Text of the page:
Kim­chi to be new niche prod­uct in Kun­dasang

The Borneo Post (Sabah) - - HOME - By Ray­mond B. Tom­bung

KUN­DASANG: A few days ago Kun­dasang saw the rise of a new mini-in­dus­try to pro­duce the famed Korean del­i­cacy - Kim­chi, no less!

A course in the pro­cess­ing of the kim­chi, as well as sauces and krepek, was held at Na­balu Lodge here for three days, from Oc­to­ber 11 to 13, or­ga­nized at the ini­tia­tive of the De­part­ment of In­dus­trial Devel­op­ment and Re­search (DIDR).

At the course’s launch­ing, the Per­ma­nent Sec­re­tary of the Min­istry of In­dus­trial Devel­op­ment’s (MID), Datuk Haji Hashim Pai­jan re­marked that “Kun­dasang is now all set for an ex­cit­ing and vi­brant devel­op­ment in the tem­per­ate veg­etable in­dus­try. This is be­cause of this min­istry’s ini­tia­tive to in­tro­duce new food pro­duc­tion which will lever­age on the abun­dant veg­etable re­sources of Kun­dasang such as cab­bages, toma­toes, car­rots, etc.”

Stephen Sampil, the chief co­or­di­na­tor of the course who is also the Deputy Di­rec­tor of DIDR an­nounced that said the course was well at­tended with a 100-per cent prac­ti­cal par­tic­i­pa­tion rate out of 30 at­ten­dants.

“The ini­tial feed­backs from the en­thu­si­as­tic par­tic­i­pants were very en­cour­ag­ing in­deed. Many were say­ing that they had been anx­iously wait­ing for quite some­time for this kind of course so that they could uti­lize the ex­cess veg­eta­bles that they are not able to sell to be turned into some­thing valu­able,” Sampil said.

“They were very glad that they no longer have to throw away their ex­cess cab­bages, toma­toes and other veg­eta­bles be­cause they can now process them into kim­chi, sauces and krepek.

“The par­tic­i­pants were also very grate­ful and ex­pressed their ap­pre­ci­a­tion to the State Gov­ern­ment for giv­ing them the op­por­tu­nity to learn new mon­ey­mak­ing skills to im­prove their eco­nomic and busi­ness life.”

Sampil also said that DIDR’s move to or­ga­nize the course was timely and ap­pro­pri­ate as the ini­tia­tive would def­i­nitely as­sist to fur­ther de­velop ru­ral in­dus­tries, cre­ate new niche prod­ucts, de­velop new en­trepreneurs and gen­er­ate in­come to im­prove the stan­dard and qual­ity of life of the peo­ple in line with the Satu Daerah Satu In­dus­try (SDSI) pro­gram or One District One In­dus­try (ODOI) pro­gram.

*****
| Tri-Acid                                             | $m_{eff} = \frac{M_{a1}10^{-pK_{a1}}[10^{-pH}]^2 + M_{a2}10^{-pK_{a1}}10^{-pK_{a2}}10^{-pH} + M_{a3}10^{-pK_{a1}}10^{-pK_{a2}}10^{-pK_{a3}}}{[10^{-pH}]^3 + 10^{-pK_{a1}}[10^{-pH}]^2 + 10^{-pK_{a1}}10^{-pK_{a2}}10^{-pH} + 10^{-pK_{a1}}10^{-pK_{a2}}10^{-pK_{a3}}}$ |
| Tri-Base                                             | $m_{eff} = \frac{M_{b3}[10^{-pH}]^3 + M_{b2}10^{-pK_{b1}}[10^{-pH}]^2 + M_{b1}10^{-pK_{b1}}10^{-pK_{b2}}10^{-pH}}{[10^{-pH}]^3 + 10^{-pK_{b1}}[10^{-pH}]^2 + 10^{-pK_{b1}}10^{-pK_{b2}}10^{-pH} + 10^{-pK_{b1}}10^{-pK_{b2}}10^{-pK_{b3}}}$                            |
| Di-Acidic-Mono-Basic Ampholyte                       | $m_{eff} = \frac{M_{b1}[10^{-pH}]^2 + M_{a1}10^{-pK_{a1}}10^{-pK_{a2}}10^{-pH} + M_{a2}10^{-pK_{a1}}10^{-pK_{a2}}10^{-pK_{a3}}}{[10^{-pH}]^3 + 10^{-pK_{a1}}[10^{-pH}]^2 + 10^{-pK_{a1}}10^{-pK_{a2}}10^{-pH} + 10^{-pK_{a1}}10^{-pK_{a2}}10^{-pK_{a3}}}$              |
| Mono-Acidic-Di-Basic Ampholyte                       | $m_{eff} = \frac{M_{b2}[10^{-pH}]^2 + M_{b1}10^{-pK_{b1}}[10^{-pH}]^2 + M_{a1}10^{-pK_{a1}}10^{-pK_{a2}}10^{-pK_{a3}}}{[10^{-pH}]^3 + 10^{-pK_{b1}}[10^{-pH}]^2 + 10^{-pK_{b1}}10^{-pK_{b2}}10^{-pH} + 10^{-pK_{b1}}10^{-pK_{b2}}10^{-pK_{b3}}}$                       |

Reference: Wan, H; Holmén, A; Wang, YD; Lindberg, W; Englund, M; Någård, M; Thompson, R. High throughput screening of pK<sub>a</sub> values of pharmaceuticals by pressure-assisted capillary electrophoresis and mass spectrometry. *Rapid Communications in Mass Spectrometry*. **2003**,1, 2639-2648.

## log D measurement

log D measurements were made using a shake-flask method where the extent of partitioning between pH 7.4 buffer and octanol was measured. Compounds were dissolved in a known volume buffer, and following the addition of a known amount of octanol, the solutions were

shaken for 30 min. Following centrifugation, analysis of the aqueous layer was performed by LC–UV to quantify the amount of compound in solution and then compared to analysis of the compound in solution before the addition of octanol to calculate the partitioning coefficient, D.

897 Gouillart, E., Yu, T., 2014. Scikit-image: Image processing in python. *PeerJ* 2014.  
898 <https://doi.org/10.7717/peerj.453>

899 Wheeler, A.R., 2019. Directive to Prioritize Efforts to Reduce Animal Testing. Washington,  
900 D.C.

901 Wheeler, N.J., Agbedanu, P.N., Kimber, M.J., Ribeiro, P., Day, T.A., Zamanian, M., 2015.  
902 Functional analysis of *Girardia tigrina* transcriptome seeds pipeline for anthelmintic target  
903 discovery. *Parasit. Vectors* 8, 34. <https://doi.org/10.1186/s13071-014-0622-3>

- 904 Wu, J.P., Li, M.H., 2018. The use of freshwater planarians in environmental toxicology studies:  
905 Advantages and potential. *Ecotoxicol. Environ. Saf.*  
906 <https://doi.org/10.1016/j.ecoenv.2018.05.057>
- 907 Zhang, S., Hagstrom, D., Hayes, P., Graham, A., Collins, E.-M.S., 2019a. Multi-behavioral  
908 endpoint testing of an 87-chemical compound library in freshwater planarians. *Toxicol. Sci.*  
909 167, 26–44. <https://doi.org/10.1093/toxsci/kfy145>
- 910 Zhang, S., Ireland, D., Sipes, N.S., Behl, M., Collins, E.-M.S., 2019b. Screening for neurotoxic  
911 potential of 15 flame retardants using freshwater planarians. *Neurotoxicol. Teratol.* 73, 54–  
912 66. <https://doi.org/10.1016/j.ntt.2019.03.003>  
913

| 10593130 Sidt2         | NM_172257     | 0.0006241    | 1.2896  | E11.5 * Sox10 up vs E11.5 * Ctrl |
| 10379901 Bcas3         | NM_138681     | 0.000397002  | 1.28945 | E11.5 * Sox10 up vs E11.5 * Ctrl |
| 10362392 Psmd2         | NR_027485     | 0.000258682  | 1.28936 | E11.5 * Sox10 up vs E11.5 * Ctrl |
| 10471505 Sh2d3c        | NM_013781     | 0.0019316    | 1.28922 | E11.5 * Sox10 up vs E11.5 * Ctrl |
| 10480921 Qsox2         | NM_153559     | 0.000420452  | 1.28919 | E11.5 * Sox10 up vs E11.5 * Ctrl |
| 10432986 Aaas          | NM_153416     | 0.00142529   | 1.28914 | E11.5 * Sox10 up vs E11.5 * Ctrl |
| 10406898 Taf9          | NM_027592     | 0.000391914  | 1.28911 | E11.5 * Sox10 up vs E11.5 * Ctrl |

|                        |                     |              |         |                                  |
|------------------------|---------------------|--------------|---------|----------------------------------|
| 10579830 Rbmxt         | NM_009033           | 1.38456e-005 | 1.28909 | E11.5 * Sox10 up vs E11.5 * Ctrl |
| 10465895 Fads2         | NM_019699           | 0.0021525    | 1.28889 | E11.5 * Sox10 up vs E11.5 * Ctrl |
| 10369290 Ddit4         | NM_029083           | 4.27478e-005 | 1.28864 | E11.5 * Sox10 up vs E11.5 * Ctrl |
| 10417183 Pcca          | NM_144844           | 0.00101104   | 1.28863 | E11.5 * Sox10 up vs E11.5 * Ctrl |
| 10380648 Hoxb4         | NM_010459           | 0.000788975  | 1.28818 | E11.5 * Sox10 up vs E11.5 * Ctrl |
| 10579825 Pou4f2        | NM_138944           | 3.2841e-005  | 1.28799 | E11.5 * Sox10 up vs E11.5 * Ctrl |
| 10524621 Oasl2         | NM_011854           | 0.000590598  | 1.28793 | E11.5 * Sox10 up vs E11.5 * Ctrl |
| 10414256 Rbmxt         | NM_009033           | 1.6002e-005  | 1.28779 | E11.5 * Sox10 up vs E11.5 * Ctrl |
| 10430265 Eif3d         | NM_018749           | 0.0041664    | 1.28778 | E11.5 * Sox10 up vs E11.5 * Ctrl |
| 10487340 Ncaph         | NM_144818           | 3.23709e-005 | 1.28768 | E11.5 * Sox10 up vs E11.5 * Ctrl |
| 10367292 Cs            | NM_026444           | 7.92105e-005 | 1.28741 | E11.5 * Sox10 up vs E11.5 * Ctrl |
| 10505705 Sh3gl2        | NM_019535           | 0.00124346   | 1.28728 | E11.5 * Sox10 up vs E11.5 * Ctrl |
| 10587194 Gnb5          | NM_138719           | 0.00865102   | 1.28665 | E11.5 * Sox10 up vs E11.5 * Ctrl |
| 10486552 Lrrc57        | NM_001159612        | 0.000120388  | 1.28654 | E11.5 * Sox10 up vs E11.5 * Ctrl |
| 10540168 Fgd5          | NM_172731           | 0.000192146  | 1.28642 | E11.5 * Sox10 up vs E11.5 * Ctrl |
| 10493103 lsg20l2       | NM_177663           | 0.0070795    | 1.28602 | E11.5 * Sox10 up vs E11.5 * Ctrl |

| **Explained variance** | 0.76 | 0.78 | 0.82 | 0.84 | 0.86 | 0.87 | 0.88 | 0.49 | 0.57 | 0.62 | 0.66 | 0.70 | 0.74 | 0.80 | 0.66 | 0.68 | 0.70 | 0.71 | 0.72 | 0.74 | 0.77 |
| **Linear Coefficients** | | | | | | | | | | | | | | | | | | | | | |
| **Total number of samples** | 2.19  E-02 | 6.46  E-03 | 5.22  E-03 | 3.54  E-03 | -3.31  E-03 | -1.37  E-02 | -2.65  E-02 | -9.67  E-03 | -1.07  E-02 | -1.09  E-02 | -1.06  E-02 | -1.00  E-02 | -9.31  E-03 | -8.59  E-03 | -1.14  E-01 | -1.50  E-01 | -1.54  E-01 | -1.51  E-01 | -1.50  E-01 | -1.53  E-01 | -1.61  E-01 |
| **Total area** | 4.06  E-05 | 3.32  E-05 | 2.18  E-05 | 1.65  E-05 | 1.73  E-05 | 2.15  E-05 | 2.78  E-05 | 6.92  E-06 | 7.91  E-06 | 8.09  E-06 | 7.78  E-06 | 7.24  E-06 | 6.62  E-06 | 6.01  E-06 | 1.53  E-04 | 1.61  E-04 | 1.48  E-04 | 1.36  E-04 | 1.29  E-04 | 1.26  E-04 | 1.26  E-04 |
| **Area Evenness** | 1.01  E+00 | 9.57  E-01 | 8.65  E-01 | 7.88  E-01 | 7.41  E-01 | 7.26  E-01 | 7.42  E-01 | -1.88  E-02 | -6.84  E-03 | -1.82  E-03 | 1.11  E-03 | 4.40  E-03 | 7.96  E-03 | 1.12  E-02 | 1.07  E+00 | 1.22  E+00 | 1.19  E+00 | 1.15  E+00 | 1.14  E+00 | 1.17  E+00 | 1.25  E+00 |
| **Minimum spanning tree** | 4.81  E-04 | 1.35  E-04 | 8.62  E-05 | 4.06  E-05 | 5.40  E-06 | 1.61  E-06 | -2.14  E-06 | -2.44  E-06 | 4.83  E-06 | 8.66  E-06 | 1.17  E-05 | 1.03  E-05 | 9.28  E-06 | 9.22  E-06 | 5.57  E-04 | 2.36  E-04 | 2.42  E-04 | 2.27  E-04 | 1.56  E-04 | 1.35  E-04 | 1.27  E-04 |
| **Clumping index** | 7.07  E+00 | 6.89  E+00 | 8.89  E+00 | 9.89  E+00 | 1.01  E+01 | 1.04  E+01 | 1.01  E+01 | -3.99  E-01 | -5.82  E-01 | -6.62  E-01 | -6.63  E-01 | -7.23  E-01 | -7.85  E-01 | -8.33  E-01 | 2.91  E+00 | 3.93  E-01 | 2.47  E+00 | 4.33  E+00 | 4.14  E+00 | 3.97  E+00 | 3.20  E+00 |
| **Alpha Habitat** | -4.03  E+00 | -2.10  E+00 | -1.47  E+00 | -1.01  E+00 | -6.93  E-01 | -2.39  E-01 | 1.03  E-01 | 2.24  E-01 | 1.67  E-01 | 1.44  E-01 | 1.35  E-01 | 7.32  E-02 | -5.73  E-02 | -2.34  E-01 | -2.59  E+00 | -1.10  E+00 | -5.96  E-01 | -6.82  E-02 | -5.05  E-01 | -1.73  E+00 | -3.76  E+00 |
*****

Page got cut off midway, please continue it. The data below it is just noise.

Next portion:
“This will also con­trib­ute to the over­all devel­op­ment of SME’s in Sabah. In the case of Kun­dasang, this area is well known for its thriv­ing tem­per­ate veg­eta­bles in­dus­try not only through­out Sabah but also in the whole of Malaysia,” he added.

“How­ever, al­most all of the pro­duces here are sold fresh with much com­pe­ti­tion, mak­ing the veg­eta­bles vul­ner­a­ble to volatile price fluc­tu­a­tions, which is also a fac­tor in over-sup­ply.

“In many cases un­sold veg­eta­bles are left to rot, thus wast­ing the valu­able food re­source. Thank­fully, with the DIDR’s course, I am con­fi­dent that the would-be en­trepreneurs course par­tic­i­pants will be able to make new and higher value-added prod­ucts, thus earn­ing a higher re­turn and in­come.”

He is con­fi­dent that in time to come th­ese new prod­ucts of kim­chi, sauces and krepek will be­come highly pop­u­lar and fast-sell­ing niche prod­ucts of Kun­dasang, which vis­i­tors to this pop­u­lar highland re­gion of Sabah, will come to buy on top of their usual haul of fresh raw veg­eta­bles.

Stephen (seated mid­dle) with the course par­tic­i­pants.

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